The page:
The profession of letters has been lately debated in the public prints; and it has been debated, to put the matter mildly, from a point of view that was calculated to surprise high-minded men, and bring a general contempt on books and reading. Some time ago, in particular, a lively, pleasant, popular writer devoted an essay, lively and pleasant like himself, to a very encouraging view of the profession. We may be glad that his experience is so cheering, and we may hope that all others, who deserve it, shall be as handsomely rewarded; but I do not think we need be at all glad to have this question, so important to the public and ourselves, debated solely on the ground of money. The salary in any business under heaven is not the only, nor indeed the first, question. That you should continue to exist is a matter for your own consideration; but that your business should be first honest, and second useful, are points in which honour and morality are concerned. If the writer to whom I refer succeeds in persuading a number of young persons to adopt this way of life with an eye set singly on the livelihood, we must expect them in their works to follow profit only, and we must expect in consequence, if he will pardon me the epithets, a slovenly, base, untrue, and empty literature. Of that writer himself I am not speaking: he is diligent, clean, and pleasing; we all owe him periods of entertainment, and he has achieved an amiable popularity which he has adequately deserved. But the truth is, he does not, or did not when he first embraced it, regard his profession from this purely mercenary side. He went into it, I shall venture to say, if not with any noble design, at least in the ardour of a first love; and he enjoyed its practice long before he paused to calculate the wage. The other day an author was complimented on a piece of work, good in itself and exceptionally good for him, and replied, in terms unworthy of a commercial traveller that as the book was not briskly selling he did not give a copper farthing for its merit. It must not be supposed that the person to whom this answer was addressed received it as a profession of faith; he knew, on the other hand, that it was only a whiff of irritation; just as we know, when a respectable writer talks of literature as a way of life, like shoemaking, but not so useful, that he is only debating one aspect of a question, and is still clearly conscious of a dozen others more important in themselves and more central to the matter in hand. But while those who treat literature in this penny-wise and virtue-foolish spirit are themselves truly in possession of a better light, it does not follow that the treatment is decent or improving, whether for themselves or others. To treat all subjects in the highest, the most honourable, and the pluckiest spirit, consistent with the fact, is the first duty of a writer. If he be well paid, as I am glad to hear he is, this duty becomes the more urgent, the neglect of it the more disgraceful. And perhaps there is no subject on which a man should speak so gravely as that industry, whatever it may be, which is the occupation or delight of his life; which is his tool to earn or serve with; and which, if it be unworthy, stamps himself as a mere incubus of dumb and greedy bowels on the shoulders of labouring humanity. On that subject alone even to force the note might lean to virtue’s side. It is to be hoped that a numerous and enterprising generation of writers will follow and surpass the present one; but it would be better if the stream were stayed, and the roll of our old, honest English books were closed, than that esurient book-makers should continue and debase a brave tradition, and lower, in their own eyes, a famous race. Better that our serene temples were deserted than filled with trafficking and juggling priests.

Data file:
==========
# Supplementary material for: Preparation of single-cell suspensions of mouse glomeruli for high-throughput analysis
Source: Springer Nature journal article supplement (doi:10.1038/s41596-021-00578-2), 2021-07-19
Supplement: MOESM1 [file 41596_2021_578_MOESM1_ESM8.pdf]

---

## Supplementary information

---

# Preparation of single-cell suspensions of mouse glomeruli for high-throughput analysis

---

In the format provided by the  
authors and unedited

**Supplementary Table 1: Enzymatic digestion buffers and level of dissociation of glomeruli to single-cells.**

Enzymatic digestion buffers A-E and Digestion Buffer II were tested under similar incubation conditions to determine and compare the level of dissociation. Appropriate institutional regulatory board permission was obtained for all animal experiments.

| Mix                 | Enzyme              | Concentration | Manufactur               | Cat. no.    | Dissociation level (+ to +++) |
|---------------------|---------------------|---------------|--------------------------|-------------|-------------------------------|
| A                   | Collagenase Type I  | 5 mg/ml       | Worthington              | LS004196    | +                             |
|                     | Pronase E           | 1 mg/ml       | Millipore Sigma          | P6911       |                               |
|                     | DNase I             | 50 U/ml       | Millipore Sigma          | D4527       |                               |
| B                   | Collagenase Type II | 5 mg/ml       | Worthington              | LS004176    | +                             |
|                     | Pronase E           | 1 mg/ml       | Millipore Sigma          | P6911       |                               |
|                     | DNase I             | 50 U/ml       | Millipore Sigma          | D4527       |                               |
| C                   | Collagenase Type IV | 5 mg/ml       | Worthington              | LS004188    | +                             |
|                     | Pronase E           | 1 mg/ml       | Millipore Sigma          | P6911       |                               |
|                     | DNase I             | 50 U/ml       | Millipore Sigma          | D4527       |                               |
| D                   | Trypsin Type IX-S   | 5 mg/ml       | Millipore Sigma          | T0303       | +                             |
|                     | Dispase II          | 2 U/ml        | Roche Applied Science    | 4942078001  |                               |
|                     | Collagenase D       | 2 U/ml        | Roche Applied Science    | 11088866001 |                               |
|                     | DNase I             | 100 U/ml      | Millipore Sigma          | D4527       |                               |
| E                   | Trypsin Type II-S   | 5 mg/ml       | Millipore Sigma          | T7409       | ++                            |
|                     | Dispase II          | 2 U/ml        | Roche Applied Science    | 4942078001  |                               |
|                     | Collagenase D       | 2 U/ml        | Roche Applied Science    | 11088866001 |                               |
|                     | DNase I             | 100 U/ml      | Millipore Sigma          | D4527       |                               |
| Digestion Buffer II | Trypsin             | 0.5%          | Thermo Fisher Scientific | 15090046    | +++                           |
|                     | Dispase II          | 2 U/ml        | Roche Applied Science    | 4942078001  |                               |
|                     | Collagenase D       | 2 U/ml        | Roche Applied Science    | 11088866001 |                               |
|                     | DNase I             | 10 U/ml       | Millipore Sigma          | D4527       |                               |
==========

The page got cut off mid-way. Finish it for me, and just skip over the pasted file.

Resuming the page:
You can finish reading the essay by clicking here, for a PDF copy.